The Logic of God

God Separates the Light and the Darkness - Michaelangelo - 1512
God Separates the Light and the Darkness – Michelangelo – 1512

In previous posts (here and here), I’ve written about the need for a clear understanding of logic to separate good and bad thinking. I’ve highlighted the fundamental laws of logic: the Law of Identity (A is A), the Law of Non-contradiction (A is not non-A), and the Law of the Excluded Middle (either A or non-A). These are so fundamental to basic thought, it’s easy to not think about them. Yet remembering these basic, self-evident truths can keep you from falling victim to  some surprisingly common mistakes in this age of relativism. Sadly, some Christians have tried to distance themselves from logic, thinking that “God is above logic”. On the contrary, the Bible reveals in its descriptions of God a rich exposition of these truths that shows that logic is part of God’s very nature.

Consider the Law of Identity. Commonly formulated as A=A, this demonstrates why these are called “self-evident” truths – you recognize the truth of it as soon as you see it. There is no proof of this because this is one of your basic building blocks of thought that you can’t break down any lower. Something simply is what it is. How is this demonstrated in Scripture? In the book of Exodus, God speaks to Moses, telling him to go and rescue the Jews enslaved in Egypt. Moses worries that the Jews, who have lived in the polytheistic Egyptian culture for centuries by this point, won’t believe him when he tells them that “the God of your fathers has sent me to you.” He supposes they may ask “What is His name?”, and asks God how he is to answer. God responds with “I Am Who I Am. Tell them ‘I Am has sent me to you.'”[1] This expression of independent, self-existent being is the epitome of the Law of Identity. We can all be identified in relation to someone else. A man may be his father’s son, or his sibling’s brother. There may be hundreds of Johns in a city, tens of John Smiths, only 2 that live on the same street, but only one John Smith Jr on that street. But here, God shows that His name can only relate Him to Himself. He is truly in a category by Himself. And we understand this by the Law of Identity.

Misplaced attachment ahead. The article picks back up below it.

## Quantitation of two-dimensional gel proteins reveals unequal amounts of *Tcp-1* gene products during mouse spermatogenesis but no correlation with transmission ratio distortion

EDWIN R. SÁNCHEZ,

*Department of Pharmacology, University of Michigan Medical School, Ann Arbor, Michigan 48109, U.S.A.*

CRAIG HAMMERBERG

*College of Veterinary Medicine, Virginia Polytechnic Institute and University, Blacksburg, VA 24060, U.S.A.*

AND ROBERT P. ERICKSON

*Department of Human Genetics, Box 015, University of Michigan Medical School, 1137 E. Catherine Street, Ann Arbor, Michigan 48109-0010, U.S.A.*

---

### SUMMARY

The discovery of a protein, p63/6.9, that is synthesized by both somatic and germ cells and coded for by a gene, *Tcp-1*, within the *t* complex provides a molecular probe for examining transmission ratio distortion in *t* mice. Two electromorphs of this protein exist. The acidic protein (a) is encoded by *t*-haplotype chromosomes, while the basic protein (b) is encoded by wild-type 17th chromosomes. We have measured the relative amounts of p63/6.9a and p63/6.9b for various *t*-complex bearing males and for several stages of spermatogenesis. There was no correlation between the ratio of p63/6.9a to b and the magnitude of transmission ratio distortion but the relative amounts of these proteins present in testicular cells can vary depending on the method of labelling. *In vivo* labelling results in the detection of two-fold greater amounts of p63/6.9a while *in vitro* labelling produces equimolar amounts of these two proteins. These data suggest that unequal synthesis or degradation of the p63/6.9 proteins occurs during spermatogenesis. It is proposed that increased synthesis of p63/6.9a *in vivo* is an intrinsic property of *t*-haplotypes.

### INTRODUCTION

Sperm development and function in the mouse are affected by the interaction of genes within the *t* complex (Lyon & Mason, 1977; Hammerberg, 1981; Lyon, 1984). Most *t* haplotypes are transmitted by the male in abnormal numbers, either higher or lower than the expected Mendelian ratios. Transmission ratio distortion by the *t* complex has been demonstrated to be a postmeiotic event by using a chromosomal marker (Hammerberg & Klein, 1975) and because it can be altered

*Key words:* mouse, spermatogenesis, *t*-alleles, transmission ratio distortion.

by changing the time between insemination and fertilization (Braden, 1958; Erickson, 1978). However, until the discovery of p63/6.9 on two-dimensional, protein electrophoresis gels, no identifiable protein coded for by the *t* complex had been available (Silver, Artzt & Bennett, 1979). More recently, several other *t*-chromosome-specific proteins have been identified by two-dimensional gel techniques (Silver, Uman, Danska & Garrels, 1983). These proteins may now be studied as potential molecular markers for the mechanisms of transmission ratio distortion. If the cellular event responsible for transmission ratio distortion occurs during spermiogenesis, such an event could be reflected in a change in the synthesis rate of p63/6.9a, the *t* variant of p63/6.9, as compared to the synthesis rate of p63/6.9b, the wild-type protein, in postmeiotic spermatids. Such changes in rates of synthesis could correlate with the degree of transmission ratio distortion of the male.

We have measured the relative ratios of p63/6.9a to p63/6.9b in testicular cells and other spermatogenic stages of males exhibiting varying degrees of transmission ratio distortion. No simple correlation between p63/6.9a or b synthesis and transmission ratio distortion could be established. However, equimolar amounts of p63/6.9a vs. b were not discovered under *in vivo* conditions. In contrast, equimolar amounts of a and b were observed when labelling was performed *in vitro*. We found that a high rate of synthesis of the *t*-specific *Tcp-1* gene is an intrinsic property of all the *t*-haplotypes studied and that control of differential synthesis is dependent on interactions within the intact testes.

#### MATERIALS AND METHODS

Let’s look at the Law of Non-contradiction now. There are several different ways of expressing this, but in general, something cannot be both true and false at the same time and in the same manner. Similarly, something can’t both exist and not exist at the same time in the same way. How is this demonstrated in the Bible? The apostle John records Jesus saying that “I am the way, the truth, and the life”.  The book of Hebrews tells us that “it is impossible for God to lie”, and the apostle Paul tells Titus that God “does not lie” and Timothy that “He cannot deny Himself”.[2] Why is this important? Because logic seeks after the truth, and the opposite of truth is a lie. A lie can also be defined as a contradiction, for truth corresponds with reality, while a lie contradicts reality (a contradiction, from the Latin “contra” + “dictio” literally “speaks against itself”). So here we see that because God cannot lie, He cannot violate the Law of Non-contradiction.

The Law of Excluded Middle says that something either is or isn’t, true or false, on or off. There is no middle option between contradictory states. There are times when we may have a spectrum of choices, like when the gas tank is empty, or full, or somewhere in between. The Law of the Excluded Middle comes into play when the choice is between true opposites where one choice is the negation of the other, Instead of “empty” and “full”, the choice is between empty and not-empty, or between full and not-full. God either exists or He doesn’t. Our own belief, unbelief, or agnosticism does nothing to change that objective status. The apostle John tells us that “God is Light, and in Him there is no darkness at all.”[3] It’s either all or nothing.He either exists as morally perfect, without blemish, or not at all.

Now, is all of this to say that God is somehow limited by some man-made rules? Hardly. The laws of logic aren’t made, but discovered. Logic is the lens through which we look to make sense of reality, and it makes sense of reality because it is founded in the nature of the Creator of reality. Rather than limiting God, logic gives us a glimpse of His nature.

[1] Exodus 3:14, NASB.
[2] Hebrews 6:18, 2 Timothy 2:13, Titus 1:2, NASB.
[3] 1 John 1:5, NASB.
[4] D.Q. McInerny, Being Logical: A Guide to Good Thinking, (Random House, 2005), p. 25-30. Though not quoted directly, this short, concise summary of basic logic provided much of the background on the laws of logic referenced here.

How to Get Away with Murder

7 half-week_embryo
Baby at 7 1/2 weeks after conception